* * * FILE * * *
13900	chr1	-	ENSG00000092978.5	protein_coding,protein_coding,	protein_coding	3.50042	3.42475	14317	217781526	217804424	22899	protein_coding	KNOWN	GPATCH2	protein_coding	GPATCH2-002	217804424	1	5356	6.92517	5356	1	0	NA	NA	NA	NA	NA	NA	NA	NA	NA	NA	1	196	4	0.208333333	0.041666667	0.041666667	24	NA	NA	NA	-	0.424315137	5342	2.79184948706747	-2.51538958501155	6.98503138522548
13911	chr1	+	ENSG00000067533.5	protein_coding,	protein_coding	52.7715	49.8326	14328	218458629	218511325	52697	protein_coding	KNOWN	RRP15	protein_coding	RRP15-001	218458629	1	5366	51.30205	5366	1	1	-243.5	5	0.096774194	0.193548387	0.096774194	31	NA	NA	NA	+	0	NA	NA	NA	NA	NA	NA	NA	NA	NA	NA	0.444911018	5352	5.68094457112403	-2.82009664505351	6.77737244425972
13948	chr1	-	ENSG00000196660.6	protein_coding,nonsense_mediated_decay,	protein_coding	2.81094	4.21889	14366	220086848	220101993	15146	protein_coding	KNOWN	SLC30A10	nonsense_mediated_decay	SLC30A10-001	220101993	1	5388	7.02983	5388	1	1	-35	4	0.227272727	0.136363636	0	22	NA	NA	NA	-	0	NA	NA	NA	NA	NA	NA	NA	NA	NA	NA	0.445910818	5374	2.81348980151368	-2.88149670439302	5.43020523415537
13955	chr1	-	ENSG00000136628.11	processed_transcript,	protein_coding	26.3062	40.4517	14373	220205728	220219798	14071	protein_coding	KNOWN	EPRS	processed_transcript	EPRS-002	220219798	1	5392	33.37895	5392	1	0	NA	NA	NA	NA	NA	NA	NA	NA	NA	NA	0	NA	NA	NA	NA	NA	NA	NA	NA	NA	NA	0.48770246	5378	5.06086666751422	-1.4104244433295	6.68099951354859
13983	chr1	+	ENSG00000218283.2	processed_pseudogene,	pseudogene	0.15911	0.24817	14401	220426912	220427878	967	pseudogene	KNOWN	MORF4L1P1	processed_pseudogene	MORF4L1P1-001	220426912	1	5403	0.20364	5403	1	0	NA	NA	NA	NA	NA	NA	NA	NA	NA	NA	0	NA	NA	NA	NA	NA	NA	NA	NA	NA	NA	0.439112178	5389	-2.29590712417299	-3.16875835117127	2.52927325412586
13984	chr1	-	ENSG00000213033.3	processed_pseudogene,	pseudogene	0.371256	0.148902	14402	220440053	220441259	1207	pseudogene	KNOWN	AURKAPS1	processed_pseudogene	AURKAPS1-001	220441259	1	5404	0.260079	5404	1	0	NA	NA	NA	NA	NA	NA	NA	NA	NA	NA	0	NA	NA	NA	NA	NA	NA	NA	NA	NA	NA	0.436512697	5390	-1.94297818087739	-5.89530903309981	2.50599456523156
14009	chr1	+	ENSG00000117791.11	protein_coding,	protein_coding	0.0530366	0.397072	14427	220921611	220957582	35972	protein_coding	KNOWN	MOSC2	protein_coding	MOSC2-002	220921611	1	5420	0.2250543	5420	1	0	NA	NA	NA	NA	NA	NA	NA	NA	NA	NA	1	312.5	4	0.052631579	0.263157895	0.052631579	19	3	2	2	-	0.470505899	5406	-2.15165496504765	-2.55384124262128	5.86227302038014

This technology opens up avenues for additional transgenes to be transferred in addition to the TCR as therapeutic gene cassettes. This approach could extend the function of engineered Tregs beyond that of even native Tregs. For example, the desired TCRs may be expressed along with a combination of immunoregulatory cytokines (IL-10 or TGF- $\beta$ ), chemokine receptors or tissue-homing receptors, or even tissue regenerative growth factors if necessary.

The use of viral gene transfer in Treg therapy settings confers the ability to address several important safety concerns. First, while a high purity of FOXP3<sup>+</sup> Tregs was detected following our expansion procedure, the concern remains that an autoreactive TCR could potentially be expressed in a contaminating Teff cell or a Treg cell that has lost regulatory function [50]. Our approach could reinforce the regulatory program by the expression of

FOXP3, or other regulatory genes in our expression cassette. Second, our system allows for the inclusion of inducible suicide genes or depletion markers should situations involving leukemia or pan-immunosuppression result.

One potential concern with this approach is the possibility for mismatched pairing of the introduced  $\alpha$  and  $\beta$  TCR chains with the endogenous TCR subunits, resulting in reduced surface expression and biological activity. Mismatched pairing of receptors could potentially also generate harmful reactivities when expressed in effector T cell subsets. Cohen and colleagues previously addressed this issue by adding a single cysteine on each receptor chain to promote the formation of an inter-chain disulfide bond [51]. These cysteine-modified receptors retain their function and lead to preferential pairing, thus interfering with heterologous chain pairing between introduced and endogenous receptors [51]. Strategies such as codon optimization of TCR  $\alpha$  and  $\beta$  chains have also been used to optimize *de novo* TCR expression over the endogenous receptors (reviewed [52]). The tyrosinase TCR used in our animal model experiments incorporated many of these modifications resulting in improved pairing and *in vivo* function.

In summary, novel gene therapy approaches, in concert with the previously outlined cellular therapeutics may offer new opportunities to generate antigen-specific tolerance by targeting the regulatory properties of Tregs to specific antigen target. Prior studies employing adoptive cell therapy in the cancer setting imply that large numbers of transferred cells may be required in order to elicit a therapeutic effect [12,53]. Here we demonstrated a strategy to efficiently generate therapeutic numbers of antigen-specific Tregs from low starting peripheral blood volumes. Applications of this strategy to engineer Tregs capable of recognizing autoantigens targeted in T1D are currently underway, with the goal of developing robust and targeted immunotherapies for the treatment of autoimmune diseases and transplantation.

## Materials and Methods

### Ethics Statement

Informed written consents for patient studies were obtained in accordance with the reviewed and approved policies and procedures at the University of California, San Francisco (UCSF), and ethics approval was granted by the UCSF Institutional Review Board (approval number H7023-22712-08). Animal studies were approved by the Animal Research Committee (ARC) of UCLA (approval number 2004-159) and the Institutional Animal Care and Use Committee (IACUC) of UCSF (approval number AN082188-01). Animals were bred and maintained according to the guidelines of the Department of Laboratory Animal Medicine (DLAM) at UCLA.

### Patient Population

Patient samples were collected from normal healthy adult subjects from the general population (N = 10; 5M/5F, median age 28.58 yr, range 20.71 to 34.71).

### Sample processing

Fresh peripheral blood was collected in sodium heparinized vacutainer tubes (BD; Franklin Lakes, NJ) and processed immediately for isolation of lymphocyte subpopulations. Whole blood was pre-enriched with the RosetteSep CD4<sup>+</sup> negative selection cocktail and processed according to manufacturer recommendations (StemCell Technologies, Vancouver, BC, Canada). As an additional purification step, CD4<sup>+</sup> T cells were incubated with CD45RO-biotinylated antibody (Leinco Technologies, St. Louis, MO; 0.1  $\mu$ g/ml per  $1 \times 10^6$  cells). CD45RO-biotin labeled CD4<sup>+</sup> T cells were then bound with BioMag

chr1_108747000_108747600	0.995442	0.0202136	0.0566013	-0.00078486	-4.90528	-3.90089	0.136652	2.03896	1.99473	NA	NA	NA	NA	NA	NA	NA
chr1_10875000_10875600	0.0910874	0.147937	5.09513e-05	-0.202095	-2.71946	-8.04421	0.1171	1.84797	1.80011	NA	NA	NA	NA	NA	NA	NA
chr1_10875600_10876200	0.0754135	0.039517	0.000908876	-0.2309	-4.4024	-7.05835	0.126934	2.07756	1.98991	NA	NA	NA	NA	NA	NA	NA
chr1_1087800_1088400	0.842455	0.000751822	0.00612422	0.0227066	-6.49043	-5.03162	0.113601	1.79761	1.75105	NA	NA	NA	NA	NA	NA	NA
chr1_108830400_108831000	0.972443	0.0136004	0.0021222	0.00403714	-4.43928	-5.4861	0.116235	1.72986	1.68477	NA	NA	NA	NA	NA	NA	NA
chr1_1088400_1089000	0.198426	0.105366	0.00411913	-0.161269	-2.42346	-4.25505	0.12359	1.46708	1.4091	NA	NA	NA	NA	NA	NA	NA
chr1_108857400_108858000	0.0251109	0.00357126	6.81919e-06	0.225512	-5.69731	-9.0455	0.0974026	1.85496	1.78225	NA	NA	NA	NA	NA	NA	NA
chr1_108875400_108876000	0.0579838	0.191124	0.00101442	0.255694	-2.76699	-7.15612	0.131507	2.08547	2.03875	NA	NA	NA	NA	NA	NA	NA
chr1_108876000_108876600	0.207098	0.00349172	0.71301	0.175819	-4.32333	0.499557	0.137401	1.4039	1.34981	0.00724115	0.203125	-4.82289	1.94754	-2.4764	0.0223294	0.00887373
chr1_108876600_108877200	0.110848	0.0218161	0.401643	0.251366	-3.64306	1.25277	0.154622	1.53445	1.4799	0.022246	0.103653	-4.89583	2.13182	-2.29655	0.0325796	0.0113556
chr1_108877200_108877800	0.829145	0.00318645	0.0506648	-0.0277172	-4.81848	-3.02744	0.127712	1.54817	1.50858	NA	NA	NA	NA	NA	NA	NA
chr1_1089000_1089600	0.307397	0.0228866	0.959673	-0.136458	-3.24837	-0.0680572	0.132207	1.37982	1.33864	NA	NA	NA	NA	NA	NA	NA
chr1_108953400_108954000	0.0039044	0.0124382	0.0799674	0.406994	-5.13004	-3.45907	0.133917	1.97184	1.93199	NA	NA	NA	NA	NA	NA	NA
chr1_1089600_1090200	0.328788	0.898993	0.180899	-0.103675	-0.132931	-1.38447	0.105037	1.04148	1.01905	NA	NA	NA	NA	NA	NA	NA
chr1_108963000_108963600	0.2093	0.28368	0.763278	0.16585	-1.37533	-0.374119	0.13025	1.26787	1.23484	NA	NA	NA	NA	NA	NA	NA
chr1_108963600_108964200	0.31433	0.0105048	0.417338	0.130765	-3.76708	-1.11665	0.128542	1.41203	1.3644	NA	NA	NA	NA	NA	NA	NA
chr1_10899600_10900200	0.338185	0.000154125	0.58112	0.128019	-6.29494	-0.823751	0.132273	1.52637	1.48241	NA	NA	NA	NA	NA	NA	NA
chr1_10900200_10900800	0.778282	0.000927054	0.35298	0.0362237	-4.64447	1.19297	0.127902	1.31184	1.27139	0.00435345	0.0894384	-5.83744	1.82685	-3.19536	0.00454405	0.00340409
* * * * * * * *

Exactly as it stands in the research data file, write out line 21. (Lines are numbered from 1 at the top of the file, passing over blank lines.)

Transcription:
chr1_10875000_10875600	0.0910874	0.147937	5.09513e-05	-0.202095	-2.71946	-8.04421	0.1171	1.84797	1.80011	NA	NA	NA	NA	NA	NA	NA